There are no ordinary people. You have never talked to a mere mortal. Nations, cultures, arts, civilizations—these are mortal, and their life is to ours as the life of a gnat. But it is immortals whom we joke with, work with, marry, snub and exploit—immortal horrors or everlasting splendors. This does not mean that we are to be perpetually solemn. We must play. But our merriment must be of that kind (and it is, in fact, the merriest kind) which exists between people who have, from the outset, taken each other seriously—no flippancy, no superiority, no presumption.
—C.S. Lewis, The Weight of Glory
In this issue of the ChinaSource Quarterly (CSQ), the writers have consistently painted a picture of China’s migrant workers, those “immortals” who are relentlessly loved and pursued by the God who created them and have a divine right to hear and see the gospel of Jesus Christ proclaimed and lived out, walking in community with his followers; becoming “everlasting splendors.”
We are introduced to “the entrenched hukou system [which,] along with the opportunities it either afforded or excluded, had created—or perhaps revealed—a class-based society.”1 We learn about the urban/rural divide and the considerable life and systemic social barriers migrants have and are facing.
The impact is staggering:
- Over a thirty-year period starting with “the economic reform era [which] began in 1979 under Deng Xiaoping . . . 300 million villagers had left their homes in search of a piece of China’s growing economic pie, fueling the engine of the world’s hottest economy.”2
- “There are still 280 million migrant workers, the majority of whom flow into China’s second- and third-tier cities.”3
- There are an “estimated sixty-one million offspring of migrant workers who grow up separated from their parents, or one in five of all Chinese youth.” These liushouertong, left-behind children, come from families “not only broken by divorce, but by division,” as “most of the children of migrants, will see [their] mother and father only once or twice a year, during the rare leave they get from whatever factory, construction site, or restaurant kitchen employs them.”4
The composite of this Quarterly takes us much further than the painful results of the hukou system. You will find no hand wringing and minimal finger pointing here. We are privileged to be introduced to men, women, and children who have experienced, and continue to experience, crushing loss through separation and discrimination. We hear their stories of perseverance, courage, and transformation in Christ.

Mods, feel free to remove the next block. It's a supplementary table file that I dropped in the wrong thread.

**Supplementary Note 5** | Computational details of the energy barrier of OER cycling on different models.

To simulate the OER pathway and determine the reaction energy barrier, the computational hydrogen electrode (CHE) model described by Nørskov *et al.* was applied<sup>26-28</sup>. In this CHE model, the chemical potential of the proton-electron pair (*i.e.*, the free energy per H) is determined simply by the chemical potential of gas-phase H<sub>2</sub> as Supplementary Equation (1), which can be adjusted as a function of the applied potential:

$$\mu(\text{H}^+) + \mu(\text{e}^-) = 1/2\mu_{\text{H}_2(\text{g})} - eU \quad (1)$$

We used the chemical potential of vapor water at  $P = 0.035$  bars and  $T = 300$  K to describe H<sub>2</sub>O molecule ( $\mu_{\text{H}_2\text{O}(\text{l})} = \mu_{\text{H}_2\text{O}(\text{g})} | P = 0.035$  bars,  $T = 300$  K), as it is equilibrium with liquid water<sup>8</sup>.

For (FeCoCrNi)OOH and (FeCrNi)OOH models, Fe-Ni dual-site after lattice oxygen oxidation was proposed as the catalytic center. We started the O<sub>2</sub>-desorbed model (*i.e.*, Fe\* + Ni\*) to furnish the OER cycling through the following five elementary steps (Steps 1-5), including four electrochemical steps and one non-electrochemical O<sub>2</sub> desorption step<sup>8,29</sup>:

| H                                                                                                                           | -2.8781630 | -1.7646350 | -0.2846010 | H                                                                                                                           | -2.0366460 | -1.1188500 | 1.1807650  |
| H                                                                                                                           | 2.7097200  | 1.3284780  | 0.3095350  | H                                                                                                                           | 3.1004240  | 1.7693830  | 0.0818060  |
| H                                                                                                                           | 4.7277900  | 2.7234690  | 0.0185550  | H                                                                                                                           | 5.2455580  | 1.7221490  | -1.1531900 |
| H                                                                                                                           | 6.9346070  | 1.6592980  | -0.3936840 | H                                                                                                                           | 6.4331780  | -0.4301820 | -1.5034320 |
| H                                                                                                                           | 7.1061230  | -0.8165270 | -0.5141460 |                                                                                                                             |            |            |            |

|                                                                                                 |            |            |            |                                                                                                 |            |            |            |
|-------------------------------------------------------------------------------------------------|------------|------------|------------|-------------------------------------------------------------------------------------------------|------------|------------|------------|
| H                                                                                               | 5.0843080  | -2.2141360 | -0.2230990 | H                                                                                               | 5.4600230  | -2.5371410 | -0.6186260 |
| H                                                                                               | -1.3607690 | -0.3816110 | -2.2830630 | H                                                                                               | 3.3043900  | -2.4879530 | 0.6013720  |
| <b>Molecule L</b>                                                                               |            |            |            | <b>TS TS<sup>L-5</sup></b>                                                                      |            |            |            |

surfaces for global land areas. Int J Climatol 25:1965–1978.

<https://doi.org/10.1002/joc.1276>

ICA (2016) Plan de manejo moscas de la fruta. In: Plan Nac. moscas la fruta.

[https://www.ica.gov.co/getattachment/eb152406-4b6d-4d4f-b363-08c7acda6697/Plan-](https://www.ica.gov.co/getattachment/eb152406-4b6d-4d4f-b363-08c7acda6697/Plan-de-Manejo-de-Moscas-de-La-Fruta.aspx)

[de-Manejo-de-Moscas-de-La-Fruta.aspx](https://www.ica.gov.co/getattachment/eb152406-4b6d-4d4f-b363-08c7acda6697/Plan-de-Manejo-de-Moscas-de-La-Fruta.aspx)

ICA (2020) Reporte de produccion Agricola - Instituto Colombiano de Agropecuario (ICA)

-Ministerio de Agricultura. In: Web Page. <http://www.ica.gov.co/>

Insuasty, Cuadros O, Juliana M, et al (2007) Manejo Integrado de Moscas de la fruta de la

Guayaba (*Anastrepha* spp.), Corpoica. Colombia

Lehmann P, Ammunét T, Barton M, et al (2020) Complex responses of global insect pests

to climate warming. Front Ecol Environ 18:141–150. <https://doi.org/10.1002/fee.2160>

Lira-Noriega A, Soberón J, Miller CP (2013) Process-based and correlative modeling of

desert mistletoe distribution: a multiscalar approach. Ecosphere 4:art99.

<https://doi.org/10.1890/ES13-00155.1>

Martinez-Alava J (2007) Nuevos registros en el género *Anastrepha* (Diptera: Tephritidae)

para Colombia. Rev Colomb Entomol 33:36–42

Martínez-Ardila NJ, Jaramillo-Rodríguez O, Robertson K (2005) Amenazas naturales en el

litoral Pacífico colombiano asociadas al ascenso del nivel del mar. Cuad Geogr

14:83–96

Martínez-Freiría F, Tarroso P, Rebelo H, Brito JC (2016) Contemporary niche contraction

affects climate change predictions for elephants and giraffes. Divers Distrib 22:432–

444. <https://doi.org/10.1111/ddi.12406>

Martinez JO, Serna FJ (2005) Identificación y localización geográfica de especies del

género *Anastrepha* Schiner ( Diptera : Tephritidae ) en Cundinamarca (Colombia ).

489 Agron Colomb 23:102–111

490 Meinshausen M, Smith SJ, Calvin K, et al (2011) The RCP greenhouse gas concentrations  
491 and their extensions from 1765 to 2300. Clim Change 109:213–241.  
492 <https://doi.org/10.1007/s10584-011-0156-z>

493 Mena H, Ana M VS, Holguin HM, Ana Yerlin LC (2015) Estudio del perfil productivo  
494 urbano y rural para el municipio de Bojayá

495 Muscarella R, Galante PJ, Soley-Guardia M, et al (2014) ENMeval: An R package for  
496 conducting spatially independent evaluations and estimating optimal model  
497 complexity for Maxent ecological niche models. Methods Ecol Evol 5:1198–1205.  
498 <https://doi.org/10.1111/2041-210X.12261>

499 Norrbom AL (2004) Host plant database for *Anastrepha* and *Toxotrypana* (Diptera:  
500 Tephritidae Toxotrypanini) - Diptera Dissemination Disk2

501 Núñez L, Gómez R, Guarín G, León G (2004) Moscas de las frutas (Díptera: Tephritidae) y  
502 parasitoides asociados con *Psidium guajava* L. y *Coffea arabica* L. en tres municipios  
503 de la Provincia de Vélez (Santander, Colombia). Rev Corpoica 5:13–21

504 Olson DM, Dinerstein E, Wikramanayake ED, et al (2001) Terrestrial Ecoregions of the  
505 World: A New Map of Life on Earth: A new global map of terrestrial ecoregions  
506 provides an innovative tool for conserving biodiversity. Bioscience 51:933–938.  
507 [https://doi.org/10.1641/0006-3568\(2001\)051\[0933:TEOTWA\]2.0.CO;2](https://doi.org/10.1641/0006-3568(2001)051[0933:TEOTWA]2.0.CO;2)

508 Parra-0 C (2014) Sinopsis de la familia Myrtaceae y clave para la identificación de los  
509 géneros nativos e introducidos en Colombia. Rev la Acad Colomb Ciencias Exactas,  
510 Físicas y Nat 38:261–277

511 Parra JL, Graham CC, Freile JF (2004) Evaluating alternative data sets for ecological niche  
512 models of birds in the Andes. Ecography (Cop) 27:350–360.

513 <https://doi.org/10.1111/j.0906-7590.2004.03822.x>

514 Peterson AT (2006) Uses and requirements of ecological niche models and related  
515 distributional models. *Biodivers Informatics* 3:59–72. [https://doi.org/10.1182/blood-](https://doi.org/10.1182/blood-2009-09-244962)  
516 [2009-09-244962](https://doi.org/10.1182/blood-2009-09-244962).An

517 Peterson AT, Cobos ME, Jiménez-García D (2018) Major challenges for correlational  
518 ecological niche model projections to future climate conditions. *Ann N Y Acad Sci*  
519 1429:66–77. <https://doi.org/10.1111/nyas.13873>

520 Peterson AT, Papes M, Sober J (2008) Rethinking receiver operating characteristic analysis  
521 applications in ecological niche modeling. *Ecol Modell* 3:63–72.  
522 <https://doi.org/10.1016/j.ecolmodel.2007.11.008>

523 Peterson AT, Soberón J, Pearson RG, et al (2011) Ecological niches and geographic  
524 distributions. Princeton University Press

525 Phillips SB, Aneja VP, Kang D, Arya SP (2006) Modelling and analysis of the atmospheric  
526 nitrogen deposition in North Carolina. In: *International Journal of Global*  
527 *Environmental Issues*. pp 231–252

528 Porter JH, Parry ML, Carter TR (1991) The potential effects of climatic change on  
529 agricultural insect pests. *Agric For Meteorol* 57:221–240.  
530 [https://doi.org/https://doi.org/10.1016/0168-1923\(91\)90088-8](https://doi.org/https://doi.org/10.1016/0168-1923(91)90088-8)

I was also deeply moved by the writers whose calling is based on love and sustained by the grace of God, those who work through the body of Christ in China and see that China’s “’floating population’—is one of the best vehicles in the world today for fulfilling Christ’s global mandate.”5 The church is at its best when it has the heart of compassion that Jesus expressed when he saw the crowds who were “harassed and helpless, like sheep without a shepherd” (Matthew 9:36). This is especially true when that heart of compassion leads to friendship and community in Christ.
Brennan Manning wrote in Ruthless Trust: The Ragamuffin’s Path to God, “The litmus test of our love for God is our love of neighbor.” As you read this issue of CSQ, note the commitment the authors have to the ministry of incarnation, as indicated by their calling to their migrant friends whom they want to get to know, love, respect, and honor; as C.S. Lewis said: “No flippancy, no superiority, no presumption.”
As I read, I kept thinking about a portion of “The Lausanne Covenant” faith statement that states: “World evangelization requires the whole church to take the whole gospel to the whole world.” As you dive deeply into these articles, you will be encouraged that this powerful, eternal dynamic is being lived out mightily, one precious life at a time.
- See “The Struggles and Strengths of China’s Migrant Workers” by Reggie Reimer in this issue.
- See “Reflections from a Foreign Friend: My Years with China’s Migrants” by Reggie Reimer in this issue.
- See “Thinking about Multiplying Migrant Worker Churches in Urbanizing China” by Mark Chu in this issue.
- See “The Factory, the Family, the Future” by Noah Samuels in this issue.
- See “Reflections,” by Reimer.
Image Credit: A friend of ChinaSource
Rev. Kerry Schottelkorb is the president of ChinaSource. For twenty years Kerry was involved in local church planting and youth ministry, both in the US and Hong Kong. He was the founding pastor of the Cle Elum Alliance Church in Cle Elum, Washington and one of two founding pastors of Evangelical …View Full Bio